Some interesting new commentary on the FDA's war on salt is coming from a pretty good authority on food and health. Medical doctor and professional chef Michael S. Fenster writes in The Atlantic that the FDA's proposed regulations on salt won't only make food taste worse, it won't do a thing to improve Americans' cardiovascular health. And he cites a pretty impressive new study showing just that:
A study published in 2011 by Dr. Jan Staessen followed about 3,700 patients for eight years and divided them into tertiles of low, medium, and high sodium intake. The highest death rate was in the group with the lowest sodium intake; the lowest death rate was in the group with the highest sodium intake. An even larger study was done by Dr. Salim Yusef and his group out of McMaster University in Canada and published in The Journal of the American Medical Association in 2011. Over 30,000 people were studied for about four years. They examined low sodium intake (less than 2.3 grams), moderate intake (2.3 to seven grams), and high intake (more than seven grams) and found at the extremely high levels there was an increased risk of cardiovascular events. However, they also found that at the low level of sodium intake there was an increased risk of cardiovascular death and increased risk of hospitalization for heart failure. The low sodium intake group also had a 2.5 percent increase in their cholesterol and a seven percent increase in their triglyceride levels. The moderate sodium intake group (consuming between 2.3 and seven grams of sodium per day — well within the daily consumption of the average American) had the lowest risk of cardiovascular morbidity and mortality.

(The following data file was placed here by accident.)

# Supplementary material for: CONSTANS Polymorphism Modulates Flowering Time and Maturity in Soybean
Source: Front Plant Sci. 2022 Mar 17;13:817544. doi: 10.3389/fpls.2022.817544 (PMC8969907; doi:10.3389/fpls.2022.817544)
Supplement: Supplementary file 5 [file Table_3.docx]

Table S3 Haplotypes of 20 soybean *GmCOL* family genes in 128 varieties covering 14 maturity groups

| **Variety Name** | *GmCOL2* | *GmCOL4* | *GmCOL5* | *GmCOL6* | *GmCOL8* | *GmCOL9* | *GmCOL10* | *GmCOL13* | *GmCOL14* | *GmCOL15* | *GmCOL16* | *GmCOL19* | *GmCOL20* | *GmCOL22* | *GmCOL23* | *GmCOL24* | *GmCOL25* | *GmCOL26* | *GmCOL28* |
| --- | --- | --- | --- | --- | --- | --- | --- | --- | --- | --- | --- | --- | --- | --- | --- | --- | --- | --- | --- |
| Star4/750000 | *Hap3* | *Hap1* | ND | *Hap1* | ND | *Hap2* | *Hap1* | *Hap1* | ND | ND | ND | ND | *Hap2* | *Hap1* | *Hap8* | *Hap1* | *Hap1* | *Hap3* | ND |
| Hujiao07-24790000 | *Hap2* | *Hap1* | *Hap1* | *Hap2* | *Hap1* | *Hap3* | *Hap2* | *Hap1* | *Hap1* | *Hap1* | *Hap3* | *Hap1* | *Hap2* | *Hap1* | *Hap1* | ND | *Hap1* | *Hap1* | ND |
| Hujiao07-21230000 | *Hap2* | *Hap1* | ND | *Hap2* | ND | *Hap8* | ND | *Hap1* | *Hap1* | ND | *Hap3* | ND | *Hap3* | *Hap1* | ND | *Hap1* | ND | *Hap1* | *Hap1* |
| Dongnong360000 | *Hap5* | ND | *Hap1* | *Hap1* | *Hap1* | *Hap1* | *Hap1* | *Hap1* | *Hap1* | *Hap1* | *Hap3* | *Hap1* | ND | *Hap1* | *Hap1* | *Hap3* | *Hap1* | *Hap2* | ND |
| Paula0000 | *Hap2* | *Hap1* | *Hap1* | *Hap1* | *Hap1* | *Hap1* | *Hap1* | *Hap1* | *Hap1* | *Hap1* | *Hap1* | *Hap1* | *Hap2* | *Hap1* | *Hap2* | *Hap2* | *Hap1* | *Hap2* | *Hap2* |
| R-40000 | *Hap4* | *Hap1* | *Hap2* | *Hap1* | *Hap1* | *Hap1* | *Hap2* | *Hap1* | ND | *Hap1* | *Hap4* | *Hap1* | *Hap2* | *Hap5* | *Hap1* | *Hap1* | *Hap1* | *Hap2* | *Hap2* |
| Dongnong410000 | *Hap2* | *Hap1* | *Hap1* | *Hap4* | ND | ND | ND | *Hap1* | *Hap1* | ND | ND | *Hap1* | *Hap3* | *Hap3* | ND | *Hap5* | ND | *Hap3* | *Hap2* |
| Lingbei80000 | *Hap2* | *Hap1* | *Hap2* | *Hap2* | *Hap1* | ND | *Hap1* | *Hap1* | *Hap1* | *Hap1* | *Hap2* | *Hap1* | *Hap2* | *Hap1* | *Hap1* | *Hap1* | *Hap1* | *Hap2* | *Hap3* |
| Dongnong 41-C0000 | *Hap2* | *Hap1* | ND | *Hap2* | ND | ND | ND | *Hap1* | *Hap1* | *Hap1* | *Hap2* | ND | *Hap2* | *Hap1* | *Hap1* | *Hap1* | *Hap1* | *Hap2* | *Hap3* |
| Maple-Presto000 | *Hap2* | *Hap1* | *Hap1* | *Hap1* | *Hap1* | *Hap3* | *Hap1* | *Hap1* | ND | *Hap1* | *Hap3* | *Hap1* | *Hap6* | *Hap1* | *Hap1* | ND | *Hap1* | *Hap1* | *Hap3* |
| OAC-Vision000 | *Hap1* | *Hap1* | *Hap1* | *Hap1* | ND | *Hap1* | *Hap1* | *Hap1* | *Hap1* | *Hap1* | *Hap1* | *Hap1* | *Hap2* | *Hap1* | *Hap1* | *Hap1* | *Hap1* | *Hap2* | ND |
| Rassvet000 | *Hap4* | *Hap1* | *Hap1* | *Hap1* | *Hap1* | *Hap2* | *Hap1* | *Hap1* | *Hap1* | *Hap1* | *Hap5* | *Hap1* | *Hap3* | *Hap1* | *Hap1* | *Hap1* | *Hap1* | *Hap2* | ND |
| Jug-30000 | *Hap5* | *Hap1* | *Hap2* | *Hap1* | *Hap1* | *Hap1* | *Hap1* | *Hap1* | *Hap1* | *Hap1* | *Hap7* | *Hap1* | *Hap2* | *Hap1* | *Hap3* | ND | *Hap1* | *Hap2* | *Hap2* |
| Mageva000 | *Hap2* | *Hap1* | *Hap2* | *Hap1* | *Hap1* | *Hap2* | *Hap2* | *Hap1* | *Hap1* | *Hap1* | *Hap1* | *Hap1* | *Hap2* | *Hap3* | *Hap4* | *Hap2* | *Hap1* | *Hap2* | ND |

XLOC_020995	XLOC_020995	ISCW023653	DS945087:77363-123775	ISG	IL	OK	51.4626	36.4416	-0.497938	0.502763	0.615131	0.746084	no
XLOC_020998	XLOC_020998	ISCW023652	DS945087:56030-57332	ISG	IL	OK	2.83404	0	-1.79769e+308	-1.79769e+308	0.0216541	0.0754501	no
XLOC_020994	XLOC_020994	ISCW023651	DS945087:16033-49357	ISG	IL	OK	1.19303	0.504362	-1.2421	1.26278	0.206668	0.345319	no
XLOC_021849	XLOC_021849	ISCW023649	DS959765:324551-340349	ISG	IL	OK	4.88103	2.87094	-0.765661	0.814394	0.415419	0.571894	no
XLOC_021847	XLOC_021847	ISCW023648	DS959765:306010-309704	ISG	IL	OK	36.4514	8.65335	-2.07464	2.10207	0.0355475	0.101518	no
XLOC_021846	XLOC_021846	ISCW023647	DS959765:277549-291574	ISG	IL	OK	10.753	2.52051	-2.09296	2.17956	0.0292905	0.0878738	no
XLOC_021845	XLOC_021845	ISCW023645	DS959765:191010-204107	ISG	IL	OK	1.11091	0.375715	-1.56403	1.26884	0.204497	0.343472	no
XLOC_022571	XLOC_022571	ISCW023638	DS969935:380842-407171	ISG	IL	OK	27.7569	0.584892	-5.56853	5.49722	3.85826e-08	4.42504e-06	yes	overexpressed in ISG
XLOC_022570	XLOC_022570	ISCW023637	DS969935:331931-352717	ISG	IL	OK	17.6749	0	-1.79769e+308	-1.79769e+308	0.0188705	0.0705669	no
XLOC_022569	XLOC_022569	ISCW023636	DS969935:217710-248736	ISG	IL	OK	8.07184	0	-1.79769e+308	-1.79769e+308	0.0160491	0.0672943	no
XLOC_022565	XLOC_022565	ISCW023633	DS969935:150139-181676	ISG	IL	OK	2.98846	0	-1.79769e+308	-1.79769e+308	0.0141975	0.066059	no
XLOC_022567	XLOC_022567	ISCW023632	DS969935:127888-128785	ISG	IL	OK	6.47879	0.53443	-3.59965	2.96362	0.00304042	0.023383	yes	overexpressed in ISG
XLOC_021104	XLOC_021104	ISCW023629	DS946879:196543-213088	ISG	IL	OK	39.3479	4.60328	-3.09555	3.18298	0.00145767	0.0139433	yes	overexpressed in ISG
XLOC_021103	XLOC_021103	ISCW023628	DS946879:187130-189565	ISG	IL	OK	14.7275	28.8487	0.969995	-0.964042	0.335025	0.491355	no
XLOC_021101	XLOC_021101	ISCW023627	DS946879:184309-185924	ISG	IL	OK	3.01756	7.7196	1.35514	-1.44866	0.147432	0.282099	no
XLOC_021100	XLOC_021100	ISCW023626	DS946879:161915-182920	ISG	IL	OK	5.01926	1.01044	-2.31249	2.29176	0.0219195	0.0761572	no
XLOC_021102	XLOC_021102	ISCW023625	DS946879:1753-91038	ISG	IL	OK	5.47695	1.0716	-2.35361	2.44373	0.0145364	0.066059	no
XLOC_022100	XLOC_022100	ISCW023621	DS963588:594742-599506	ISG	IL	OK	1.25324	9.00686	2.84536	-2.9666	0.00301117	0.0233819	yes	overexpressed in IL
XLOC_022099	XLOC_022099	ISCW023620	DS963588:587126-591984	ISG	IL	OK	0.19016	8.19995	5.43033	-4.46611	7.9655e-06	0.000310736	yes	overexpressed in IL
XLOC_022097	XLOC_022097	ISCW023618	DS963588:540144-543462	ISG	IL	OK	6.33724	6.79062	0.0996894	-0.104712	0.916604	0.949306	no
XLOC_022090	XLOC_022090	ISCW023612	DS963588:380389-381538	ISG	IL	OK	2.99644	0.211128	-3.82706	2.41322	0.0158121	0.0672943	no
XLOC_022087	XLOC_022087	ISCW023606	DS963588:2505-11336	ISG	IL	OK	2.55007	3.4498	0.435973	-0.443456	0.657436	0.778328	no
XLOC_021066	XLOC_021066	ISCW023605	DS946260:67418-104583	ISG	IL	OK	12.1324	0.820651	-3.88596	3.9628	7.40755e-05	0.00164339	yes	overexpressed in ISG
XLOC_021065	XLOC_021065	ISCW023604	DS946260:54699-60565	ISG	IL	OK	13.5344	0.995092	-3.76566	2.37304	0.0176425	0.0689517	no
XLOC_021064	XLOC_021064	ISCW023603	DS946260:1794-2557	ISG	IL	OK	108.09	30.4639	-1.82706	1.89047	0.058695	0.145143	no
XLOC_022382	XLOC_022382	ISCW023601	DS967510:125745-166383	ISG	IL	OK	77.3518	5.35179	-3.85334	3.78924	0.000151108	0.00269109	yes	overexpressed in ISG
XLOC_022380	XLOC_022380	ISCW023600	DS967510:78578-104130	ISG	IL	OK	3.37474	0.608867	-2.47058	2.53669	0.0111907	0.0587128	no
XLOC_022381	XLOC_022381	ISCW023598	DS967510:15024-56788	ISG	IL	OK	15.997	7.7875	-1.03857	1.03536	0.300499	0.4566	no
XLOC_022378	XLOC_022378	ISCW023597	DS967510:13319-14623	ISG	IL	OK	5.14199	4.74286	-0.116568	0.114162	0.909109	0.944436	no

Despite this (and many other studies), the FDA appears not to be backing down off its attacks on salt. Nor do the food nannies who manage to ignore these latest studies.